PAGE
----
Then go and look at the Oilers draft history. During their decade of rebuild, they hit on… Jeff Petry and Brandon Davison outside of the first round, and neither is with the team anymore. I guess Anton Lander and Tyler Pitlick are up in the air, and Anton Slepyshev looks like he could be a player too, but the Oilers badly need to draft and develop better than they have in the past in order to have the same future as the Hawks.

Previously in this series: These Oilers, Those Penguins

  • ed from edmonton

    It would appear that the PC has, to some extent, mitigated the lack of success if later draft picks developing by signing college free agents like Benning and Gagulia. Not a long term strategy.

  • Alberta Ice

    Thanks, Cam, for this excellent follow up from your last article. I guess in a few years we will know if the Oilers model closer to the Penguins, or the Blackhawks, or set an entirely different example for a future upcoming franchise to follow. These next two years will be very interesting.

  • Oilerchild77

    Being successful in finding talent in the later rounds starts with having a team identity and then going after particular types of players.

    For years, thev Oilers just went after who they thought was the most skilled, without much consideration of player type because they didn’t have a blueprint for the type of team they wanted until Chiarelli took over.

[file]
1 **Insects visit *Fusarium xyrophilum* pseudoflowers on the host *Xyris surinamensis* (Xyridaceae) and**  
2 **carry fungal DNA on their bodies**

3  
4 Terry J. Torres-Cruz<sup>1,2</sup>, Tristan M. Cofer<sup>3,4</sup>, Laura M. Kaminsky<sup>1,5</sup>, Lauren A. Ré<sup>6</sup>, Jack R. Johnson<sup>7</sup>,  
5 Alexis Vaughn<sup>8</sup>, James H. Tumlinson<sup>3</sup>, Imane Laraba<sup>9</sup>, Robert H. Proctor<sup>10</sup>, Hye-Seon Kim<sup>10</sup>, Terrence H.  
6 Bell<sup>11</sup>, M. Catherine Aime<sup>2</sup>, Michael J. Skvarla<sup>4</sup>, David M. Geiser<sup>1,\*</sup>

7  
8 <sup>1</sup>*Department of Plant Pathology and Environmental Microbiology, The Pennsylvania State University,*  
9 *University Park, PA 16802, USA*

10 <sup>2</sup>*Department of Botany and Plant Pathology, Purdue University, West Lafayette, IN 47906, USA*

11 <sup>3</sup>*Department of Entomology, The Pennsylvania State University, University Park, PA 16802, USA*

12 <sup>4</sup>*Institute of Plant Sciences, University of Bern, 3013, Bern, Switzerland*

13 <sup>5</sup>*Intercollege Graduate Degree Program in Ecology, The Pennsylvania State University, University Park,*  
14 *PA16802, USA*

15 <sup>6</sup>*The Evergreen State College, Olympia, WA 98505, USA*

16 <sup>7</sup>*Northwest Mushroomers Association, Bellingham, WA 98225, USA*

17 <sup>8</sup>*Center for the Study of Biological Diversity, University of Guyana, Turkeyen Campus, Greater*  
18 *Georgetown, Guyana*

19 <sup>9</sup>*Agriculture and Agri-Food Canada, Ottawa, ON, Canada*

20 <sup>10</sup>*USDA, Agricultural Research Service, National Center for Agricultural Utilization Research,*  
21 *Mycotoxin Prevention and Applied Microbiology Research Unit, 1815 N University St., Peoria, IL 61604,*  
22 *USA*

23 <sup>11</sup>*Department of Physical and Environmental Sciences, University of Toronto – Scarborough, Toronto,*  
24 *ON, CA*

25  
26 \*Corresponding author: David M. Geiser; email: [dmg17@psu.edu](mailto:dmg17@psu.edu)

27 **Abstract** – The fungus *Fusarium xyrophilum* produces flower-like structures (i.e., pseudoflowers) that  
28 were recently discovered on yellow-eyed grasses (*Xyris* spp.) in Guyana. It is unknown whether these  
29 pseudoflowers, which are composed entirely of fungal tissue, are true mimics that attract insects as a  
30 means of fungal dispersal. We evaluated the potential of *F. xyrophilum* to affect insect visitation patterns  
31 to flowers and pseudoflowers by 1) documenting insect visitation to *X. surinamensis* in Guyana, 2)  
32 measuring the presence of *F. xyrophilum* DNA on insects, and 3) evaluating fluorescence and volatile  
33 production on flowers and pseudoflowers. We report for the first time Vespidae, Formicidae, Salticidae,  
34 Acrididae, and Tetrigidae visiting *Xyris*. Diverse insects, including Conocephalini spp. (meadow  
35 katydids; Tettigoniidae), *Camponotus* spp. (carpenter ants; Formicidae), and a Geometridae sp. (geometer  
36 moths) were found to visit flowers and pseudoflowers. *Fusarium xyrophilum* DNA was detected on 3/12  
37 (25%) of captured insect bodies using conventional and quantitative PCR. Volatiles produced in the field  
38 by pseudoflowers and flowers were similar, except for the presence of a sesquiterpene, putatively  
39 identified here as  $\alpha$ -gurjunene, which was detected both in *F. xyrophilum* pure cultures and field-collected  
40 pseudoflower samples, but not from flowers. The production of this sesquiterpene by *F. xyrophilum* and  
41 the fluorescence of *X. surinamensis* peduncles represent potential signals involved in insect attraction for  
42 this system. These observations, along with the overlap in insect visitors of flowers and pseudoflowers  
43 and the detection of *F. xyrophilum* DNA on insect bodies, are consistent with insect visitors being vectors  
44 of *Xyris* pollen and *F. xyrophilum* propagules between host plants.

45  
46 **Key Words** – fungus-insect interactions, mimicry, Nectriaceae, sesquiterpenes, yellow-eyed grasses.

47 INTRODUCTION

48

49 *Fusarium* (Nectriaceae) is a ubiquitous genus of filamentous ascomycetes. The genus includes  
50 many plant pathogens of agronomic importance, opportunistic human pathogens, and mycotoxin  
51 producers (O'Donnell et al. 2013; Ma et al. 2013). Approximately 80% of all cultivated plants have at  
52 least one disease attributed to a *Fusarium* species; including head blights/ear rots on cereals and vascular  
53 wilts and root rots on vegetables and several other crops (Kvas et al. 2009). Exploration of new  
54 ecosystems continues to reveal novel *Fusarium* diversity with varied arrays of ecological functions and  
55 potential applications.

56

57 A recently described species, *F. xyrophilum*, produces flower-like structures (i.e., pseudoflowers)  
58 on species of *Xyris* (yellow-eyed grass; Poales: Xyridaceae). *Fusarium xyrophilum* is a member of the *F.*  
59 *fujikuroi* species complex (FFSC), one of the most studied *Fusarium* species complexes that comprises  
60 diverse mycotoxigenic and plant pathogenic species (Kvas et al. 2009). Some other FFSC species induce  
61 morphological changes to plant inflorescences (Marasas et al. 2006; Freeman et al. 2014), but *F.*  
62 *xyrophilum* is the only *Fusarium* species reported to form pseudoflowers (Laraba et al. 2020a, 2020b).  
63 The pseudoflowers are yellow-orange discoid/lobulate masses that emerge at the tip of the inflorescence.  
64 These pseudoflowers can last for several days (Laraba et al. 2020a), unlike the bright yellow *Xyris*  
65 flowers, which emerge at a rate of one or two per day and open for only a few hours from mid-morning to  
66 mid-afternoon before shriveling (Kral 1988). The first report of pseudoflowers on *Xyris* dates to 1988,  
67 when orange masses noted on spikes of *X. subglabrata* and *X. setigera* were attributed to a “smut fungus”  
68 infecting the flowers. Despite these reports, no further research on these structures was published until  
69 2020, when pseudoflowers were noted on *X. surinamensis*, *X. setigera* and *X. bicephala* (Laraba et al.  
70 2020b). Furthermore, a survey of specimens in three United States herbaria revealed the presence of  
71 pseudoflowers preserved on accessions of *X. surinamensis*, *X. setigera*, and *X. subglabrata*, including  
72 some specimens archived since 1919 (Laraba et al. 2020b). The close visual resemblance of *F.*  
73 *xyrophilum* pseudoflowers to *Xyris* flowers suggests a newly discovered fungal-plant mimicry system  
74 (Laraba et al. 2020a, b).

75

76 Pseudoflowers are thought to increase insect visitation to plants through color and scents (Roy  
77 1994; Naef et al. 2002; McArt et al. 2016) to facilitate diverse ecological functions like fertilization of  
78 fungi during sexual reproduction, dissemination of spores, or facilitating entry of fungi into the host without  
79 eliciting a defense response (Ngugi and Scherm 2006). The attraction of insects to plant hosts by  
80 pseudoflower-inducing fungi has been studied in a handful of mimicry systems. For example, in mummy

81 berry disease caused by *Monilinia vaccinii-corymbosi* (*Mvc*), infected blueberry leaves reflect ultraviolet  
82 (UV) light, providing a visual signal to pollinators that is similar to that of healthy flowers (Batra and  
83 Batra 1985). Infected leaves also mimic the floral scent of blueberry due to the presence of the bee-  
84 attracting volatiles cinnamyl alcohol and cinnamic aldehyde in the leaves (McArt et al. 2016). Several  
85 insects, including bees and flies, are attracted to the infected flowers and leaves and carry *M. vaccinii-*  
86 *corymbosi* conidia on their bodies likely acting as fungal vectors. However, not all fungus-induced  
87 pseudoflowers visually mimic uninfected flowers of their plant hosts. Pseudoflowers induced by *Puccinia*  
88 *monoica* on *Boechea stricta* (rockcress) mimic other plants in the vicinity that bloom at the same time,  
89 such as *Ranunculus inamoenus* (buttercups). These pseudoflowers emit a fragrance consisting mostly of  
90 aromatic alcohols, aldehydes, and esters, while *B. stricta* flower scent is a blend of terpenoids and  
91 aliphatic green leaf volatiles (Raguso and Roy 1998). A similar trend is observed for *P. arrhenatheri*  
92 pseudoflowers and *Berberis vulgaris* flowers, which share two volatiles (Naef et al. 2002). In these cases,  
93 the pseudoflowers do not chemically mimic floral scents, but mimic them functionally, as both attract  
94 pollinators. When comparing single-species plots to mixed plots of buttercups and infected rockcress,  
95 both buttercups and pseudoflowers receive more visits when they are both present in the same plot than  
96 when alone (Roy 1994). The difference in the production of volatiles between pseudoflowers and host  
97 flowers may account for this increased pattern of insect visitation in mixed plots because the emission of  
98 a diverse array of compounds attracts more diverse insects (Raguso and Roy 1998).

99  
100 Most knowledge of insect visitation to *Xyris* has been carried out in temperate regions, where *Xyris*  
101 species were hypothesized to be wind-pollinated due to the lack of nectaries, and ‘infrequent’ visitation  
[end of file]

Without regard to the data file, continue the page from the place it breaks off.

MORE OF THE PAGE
My guess is we’ll see more hits in the later rounds now that the scouting staff is being properly directed as to what types of players they should be looking for to fit into their system

    • This is exactly the opposite of the problem. They chased player types and forgot to look for the most talent.

      I don’t know how anyone can look at this list: Marcus Kruger, Joakim Nordstrom, Brandon Saad, Andrew Shaw, Teuvo Teravainen, Vince Hinostroza, Ryan Hartman, and Nick Schmaltz; and conclude the Blackhawks were after a particular type of player.

  • thprop

    The Oil don’t have one player on their back end that looks anything like Keith or Seabrook…..or a Byfuglin for that matter, so I guess this comparison is over.